by Mike Telin

FITCH-KeithCurrently on exhibit at MOCA, DIRGE: Reflections on [Life and] Death, explores how contemporary artists use their individual practices to capture, react to, reflect on, and make sense of mortality. On Thursday, March 20 beginning at 8:00 pm, the CIM New Music Ensemble will present a concert titled “Suddenly It’s Evening,” featuring the music of George Crumb, Donald Erb and Harrison Birtwistle. Each of the evening’s works was chosen specifically in keeping with the spirit of MOCA’s current exhibition.

There is no shortage of repertoire dealing with the subject matter,” Keith Fitch, director of the CIM New Music Ensemble, said in a recent telephone conversation. “Chris Auerbach-Brown from MOCA and I were talking about that when we were planning the program, but all three pieces just kind of said, “Include Us!”

Thursday’s performance is what Fitch calls a progressive concert and begins at 8:00 pm in MOCA’s fourth floor Main Gallery with George Crumb’s Books II and III of Madrigals. “I haven’t programmed any Crumb since I’ve been at CIM, so I thought why not now. He’s such a figure in American music and I like the Madrigals. One of the challenges in a program with this subject matter is to not get too maudlin about things. Crumb sets the Madrigals to the poetry of Federico García-Lorca, which is beautiful. Although it does have references to death, his poetry is so gorgeous that it never becomes depressing.”

At 8:30 the concert moves to the Toby Devon Lewis Gallery for a performance by Pall Quinn Kalmansson of Donald Erb’s Suddenly It’s Evening for solo cello. “I like to do Don’s music whenever I can,” said Fitch. “He was such a figure at CIM and in the community for so long. This is one of his last pieces, and represents some of his musical thoughts from that period of his life, so that seemed to be a logical choice.”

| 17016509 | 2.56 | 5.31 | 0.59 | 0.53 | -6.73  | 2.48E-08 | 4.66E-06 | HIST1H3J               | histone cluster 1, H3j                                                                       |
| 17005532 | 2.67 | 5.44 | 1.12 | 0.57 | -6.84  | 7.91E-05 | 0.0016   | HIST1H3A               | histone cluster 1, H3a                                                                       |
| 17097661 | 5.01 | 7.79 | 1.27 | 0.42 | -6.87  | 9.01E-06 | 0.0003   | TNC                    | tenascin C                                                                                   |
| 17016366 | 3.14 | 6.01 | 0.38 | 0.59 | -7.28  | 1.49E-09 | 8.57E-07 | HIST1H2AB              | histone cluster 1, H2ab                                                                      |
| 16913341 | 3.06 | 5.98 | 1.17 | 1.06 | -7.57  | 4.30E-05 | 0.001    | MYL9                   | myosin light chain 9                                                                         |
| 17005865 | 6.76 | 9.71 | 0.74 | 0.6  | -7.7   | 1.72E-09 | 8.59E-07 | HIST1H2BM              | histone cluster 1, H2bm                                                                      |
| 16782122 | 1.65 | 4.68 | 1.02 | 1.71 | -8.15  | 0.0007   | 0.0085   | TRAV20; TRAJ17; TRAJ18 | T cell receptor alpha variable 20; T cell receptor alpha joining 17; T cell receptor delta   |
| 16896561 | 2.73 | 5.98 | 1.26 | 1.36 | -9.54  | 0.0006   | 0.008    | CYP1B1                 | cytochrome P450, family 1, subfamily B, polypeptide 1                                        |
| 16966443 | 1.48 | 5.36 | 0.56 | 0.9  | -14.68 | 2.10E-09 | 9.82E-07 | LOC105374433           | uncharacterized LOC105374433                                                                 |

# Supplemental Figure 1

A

The evening concludes at 9:15 in the Gund Commons with Harrison Birtwistle’s Cortege, a work that is very close to Fitch. “We gave the US premiere of the Cortege in the fall of 2008. It was my first concert at CIM and I’ve always wanted to do it again. It’s very difficult but very interesting. It has this wonderful ritualistic quality: the players move around like they do in a lot of Birtwistle’s music. All of the players step into solo roles and give kind of a musical eulogy, which fits the theme of this concert perfectly.

Scored for fourteen instrumentalists, the performers are arranged in a semicircle. The center of the performance area is reserved for whoever is performing the solo line. “The piece is performed without conductor, it’s all done via a series of cues between the players. And I think it will be a great experience for them to have to take the responsibility that is needed to play a large piece like this. It’s a complicated piece but they are really owning it.”

As a teacher, Fitch always approaches programming with two goals in mind. “There is the musical side but there is also the pedagogical side. It’s about exposing student performers to a wide variety of contemporary music and musical languages. I think that all three of these pieces provide great compliments and contrasts to each other. The Birtwistle and the Crumb are both pieces that students should experience and have the opportunity to study and perform.”

One thing that impresses Fitch about today’s students is their technical ability, which allows them to tackle pieces that would have been out of reach in the past, like the string quartets of Bartók. “Fifty years ago not many student quartets were playing them and now all six are being done in conservatories at an extraordinary high level.” But as Fitch points out, “you have to create an excitement about the music. I can’t program a piece that I don’t believe in because my excitement for a piece translates to the players. Their technical skills are great, so you have to get them into the right world for these pieces and then, just let them fly.”

Published on March 18, 2014

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